The Original, Volume 1 (Google eBook)

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H. Renshaw, 1836
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Page 437 - Since my dear soul was mistress of her choice, And could of men distinguish her election, She hath seal'd thee for herself: for thou hast been As one, in suffering all, that suffers nothing ; A man, that fortune's buffets and rewards Hast ta'en with equal thanks...
Page 355 - tis not to me she speaks: Two of the fairest stars in all the heaven, Having some business, do entreat her eyes To twinkle in their spheres till they return.
Page 420 - But if any provide not for his own, and especially for those of his own house, he hath denied the faith, and is worse than an infidel.
Page 355 - Would through the airy region stream so bright, That birds would sing, and think it were not night. See, how she leans her cheek upon her hand! O, that I were a glove upon that hand, That I might touch that cheek!
Page 27 - LAERTES' head. And these few precepts in thy memory Look thou character. Give thy thoughts no tongue, Nor any unproportioned thought his act. Be thou familiar, but by no means vulgar. The friends thou hast, and their adoption tried, Grapple them to thy soul with hooks of steel; But do not dull thy palm with entertainment Of each new-hatched, unfledged comrade.
Page 411 - If to do were as easy as to know what were good to do, chapels had been churches, and poor men's cottages princes' palaces. It is a good divine that follows his own instructions: I can easier teach twenty what were good to be done, than be one of the twenty to follow mine own teaching.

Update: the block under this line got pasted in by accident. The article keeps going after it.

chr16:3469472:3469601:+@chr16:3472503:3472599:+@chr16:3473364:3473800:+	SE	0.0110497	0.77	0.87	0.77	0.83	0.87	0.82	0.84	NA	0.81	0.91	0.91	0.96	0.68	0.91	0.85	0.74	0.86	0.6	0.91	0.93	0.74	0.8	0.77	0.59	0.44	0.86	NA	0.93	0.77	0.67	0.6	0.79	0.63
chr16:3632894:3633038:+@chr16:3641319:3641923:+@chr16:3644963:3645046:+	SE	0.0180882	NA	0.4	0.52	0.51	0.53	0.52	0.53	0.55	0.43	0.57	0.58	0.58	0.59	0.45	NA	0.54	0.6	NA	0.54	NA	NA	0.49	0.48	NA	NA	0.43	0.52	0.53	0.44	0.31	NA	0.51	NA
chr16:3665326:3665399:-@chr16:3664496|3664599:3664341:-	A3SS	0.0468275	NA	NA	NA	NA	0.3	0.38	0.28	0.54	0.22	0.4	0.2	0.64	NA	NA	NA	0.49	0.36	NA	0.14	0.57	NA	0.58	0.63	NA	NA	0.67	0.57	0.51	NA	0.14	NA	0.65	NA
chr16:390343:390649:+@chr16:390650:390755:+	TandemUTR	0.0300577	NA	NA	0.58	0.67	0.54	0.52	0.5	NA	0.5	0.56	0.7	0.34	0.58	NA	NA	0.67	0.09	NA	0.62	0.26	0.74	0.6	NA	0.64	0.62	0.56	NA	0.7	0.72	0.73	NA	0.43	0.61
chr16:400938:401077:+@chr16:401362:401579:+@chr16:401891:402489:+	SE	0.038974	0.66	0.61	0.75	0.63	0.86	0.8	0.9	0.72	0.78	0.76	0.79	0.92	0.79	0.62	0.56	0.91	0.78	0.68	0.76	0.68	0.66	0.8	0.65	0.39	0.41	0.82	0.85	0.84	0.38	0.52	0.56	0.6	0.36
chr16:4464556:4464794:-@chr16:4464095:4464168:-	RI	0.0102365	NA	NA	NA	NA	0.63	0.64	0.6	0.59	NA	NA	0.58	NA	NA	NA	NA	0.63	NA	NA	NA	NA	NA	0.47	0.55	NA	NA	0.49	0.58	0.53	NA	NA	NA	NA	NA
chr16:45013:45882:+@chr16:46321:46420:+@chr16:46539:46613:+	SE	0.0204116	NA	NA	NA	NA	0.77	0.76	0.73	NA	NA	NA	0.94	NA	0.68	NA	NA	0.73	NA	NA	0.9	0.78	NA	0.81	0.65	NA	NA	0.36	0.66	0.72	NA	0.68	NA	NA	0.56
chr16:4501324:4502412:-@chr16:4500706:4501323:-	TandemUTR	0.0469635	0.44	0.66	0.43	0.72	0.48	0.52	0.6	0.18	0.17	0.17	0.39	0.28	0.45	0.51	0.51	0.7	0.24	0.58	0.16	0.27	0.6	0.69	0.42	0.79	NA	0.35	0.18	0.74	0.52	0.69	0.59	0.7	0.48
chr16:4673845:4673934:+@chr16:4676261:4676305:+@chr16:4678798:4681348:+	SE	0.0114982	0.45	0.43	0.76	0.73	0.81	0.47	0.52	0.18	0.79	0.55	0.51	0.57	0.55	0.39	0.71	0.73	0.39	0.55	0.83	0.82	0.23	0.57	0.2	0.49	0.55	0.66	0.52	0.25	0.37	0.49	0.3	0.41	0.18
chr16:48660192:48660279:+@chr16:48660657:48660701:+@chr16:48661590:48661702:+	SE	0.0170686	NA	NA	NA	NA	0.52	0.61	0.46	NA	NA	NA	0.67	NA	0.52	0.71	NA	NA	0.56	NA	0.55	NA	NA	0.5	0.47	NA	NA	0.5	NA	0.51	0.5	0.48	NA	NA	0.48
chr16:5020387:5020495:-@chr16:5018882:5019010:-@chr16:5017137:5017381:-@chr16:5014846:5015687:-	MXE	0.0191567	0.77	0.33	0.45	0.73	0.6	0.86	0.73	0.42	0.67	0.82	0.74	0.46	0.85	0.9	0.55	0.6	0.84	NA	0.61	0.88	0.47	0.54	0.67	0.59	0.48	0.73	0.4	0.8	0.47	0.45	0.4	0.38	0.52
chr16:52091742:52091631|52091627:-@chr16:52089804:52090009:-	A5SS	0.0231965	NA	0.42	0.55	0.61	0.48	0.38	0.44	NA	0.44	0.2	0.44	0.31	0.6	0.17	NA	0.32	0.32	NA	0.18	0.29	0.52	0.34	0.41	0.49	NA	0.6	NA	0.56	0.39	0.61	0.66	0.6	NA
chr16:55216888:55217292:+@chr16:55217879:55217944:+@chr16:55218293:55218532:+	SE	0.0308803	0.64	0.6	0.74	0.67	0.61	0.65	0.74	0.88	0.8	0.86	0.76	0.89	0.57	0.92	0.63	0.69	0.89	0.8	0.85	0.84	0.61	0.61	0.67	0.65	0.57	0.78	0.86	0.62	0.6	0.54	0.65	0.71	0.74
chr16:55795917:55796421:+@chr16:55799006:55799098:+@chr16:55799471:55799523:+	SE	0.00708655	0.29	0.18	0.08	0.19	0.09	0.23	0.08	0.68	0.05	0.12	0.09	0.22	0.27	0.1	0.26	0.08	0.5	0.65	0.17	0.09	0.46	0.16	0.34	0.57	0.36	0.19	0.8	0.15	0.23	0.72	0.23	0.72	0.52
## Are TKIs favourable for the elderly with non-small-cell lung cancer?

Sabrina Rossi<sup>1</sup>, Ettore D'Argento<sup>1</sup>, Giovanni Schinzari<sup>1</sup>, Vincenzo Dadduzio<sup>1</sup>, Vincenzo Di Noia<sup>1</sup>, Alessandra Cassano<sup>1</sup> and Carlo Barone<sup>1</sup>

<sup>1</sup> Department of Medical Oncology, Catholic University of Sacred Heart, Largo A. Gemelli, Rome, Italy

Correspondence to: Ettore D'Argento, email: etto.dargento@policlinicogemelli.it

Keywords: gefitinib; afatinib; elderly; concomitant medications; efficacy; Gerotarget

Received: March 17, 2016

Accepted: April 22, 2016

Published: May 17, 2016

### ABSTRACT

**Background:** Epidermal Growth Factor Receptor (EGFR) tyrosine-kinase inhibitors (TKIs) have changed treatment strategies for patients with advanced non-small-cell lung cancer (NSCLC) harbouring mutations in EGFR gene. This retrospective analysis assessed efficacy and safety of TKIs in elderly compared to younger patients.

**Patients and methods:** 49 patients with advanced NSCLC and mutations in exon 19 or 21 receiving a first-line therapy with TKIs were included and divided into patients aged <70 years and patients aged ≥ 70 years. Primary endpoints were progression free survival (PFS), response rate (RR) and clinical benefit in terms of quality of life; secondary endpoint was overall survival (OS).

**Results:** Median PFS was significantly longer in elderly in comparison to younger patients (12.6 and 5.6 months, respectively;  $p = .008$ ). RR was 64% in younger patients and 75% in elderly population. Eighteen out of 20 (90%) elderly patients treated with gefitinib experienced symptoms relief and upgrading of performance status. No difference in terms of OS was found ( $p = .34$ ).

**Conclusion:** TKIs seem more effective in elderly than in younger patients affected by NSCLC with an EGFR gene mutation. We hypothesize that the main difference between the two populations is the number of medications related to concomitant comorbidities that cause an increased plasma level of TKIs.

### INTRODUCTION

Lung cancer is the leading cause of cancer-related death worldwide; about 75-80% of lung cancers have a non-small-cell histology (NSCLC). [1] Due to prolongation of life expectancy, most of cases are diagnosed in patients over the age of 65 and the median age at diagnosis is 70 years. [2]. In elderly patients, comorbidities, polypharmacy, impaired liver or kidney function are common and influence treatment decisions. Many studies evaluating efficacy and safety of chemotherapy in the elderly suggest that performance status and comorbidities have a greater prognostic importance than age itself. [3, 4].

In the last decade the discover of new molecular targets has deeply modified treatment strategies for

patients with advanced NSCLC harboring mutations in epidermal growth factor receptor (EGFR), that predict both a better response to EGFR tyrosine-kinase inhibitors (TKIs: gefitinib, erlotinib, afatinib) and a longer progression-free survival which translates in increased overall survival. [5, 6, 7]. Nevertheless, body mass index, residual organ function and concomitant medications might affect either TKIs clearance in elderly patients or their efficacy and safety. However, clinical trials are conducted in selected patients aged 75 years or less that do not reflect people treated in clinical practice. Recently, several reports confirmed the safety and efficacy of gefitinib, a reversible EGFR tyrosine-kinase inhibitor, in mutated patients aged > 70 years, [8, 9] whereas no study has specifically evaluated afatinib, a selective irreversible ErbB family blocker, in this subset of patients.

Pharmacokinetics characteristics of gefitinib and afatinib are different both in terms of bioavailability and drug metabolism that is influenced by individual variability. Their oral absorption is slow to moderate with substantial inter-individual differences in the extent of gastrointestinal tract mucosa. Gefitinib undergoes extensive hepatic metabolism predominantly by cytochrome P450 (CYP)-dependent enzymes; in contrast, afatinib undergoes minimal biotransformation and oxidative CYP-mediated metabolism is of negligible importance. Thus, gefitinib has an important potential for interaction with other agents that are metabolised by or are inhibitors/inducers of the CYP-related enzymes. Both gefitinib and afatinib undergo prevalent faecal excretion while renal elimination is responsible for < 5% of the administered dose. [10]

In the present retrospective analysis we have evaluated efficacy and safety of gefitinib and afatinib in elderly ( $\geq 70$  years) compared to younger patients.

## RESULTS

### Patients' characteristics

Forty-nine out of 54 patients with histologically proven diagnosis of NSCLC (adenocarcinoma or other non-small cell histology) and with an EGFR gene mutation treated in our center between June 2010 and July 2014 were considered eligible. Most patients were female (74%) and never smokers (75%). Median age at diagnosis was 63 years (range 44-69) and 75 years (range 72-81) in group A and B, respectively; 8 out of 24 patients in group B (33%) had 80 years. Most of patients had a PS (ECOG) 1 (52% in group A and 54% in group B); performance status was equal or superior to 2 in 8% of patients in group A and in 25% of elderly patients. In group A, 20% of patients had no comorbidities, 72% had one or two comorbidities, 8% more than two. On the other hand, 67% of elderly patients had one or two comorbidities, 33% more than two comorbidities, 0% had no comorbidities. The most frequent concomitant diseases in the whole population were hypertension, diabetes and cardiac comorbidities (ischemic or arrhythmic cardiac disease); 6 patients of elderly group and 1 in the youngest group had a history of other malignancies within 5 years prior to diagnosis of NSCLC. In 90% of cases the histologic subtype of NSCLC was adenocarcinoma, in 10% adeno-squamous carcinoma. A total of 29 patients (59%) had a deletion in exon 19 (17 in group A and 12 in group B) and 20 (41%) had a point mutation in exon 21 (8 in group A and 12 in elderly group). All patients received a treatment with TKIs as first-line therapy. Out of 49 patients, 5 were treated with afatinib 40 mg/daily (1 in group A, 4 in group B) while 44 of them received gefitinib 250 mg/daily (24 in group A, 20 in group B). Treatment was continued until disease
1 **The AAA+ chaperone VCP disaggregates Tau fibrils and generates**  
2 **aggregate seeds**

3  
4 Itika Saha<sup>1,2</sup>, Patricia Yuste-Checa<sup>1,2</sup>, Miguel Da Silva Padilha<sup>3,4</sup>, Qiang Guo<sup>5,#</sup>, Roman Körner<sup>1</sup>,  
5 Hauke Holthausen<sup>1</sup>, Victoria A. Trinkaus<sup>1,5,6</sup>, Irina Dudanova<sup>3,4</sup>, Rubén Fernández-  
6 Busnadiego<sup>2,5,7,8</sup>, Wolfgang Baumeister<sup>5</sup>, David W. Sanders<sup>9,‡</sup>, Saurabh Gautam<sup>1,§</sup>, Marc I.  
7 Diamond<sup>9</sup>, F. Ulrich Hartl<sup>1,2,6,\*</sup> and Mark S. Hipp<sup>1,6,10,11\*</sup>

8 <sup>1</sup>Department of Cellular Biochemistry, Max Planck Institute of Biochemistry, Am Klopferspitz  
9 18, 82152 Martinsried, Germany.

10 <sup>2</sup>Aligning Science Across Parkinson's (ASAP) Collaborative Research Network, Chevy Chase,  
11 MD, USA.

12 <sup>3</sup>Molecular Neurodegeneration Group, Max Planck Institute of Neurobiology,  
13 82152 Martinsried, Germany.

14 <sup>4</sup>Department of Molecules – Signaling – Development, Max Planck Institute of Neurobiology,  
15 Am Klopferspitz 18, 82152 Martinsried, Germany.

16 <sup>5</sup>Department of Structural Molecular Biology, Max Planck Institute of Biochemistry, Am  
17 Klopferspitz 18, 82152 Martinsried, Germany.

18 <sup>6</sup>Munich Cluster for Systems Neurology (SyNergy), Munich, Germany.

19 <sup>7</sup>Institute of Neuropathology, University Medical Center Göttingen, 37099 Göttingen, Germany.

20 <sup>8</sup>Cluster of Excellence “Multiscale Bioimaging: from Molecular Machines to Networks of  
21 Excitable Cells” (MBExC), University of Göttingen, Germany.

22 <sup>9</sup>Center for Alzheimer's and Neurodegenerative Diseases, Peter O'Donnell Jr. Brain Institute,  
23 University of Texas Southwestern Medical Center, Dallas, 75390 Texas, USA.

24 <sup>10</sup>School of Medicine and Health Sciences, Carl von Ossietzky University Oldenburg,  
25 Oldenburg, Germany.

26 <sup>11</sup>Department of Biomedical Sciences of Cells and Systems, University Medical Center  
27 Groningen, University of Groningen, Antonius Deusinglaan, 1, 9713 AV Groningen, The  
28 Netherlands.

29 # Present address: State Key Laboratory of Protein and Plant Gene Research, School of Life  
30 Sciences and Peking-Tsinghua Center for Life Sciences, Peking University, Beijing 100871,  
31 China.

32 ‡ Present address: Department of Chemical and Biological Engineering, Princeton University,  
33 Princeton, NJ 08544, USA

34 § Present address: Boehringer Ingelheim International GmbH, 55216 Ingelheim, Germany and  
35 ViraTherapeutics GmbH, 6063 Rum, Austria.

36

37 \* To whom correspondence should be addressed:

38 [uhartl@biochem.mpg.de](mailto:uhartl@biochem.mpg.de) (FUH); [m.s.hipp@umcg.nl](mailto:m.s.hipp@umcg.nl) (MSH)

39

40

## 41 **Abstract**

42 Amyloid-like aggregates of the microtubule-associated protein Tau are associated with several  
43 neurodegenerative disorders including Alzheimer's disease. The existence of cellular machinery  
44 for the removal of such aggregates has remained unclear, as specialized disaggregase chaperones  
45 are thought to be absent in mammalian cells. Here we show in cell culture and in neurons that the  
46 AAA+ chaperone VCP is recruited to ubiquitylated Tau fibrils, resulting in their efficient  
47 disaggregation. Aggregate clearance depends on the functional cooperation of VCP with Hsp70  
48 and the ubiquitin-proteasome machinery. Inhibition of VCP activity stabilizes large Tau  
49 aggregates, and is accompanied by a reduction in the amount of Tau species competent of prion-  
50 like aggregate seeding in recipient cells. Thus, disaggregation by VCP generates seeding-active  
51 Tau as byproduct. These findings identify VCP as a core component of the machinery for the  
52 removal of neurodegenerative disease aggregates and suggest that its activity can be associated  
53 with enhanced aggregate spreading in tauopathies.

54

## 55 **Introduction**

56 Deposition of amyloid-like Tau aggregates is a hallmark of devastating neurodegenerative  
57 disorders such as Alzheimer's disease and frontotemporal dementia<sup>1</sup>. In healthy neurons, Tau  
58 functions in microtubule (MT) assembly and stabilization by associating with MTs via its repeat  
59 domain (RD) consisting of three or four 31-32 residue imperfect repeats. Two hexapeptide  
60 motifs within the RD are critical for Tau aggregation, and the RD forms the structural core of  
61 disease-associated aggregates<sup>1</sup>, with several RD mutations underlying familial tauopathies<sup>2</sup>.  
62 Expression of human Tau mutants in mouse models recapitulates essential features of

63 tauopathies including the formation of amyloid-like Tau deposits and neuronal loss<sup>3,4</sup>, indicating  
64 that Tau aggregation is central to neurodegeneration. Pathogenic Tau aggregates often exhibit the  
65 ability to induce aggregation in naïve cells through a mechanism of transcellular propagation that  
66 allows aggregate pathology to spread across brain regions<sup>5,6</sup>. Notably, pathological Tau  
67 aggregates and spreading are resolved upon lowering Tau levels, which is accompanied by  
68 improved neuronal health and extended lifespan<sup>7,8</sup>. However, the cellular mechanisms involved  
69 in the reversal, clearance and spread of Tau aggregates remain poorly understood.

Page 354 - Arise, fair sun, and kill the envious moon, Who is already sick and pale with grief, That thou her maid art far more fair than she...
Page 356 - O, speak again, bright angel! for thou art As glorious to this night, being o'er my head, As is a winged messenger of heaven Unto the white-upturned wondering eyes Of mortals that fall back to gaze on him, When he bestrides the lazy-pacing clouds And sails upon the bosom of the air.
Page 325 - It ascends me into the brain ; dries me there all the foolish and dull and crudy vapours which environ it ; makes it apprehensive, quick, forgetive, full of nimble fiery and delectable shapes; which, delivered o'er to the voice, the tongue, which is the birth, becomes excellent wit.
Page 156 - What is a man, If his chief good and market of his time Be but to sleep and feed? a beast, no more. Sure he that made us with such large discourse, Looking before and after, gave us not That capability and god-like reason To fust in us unus'd.

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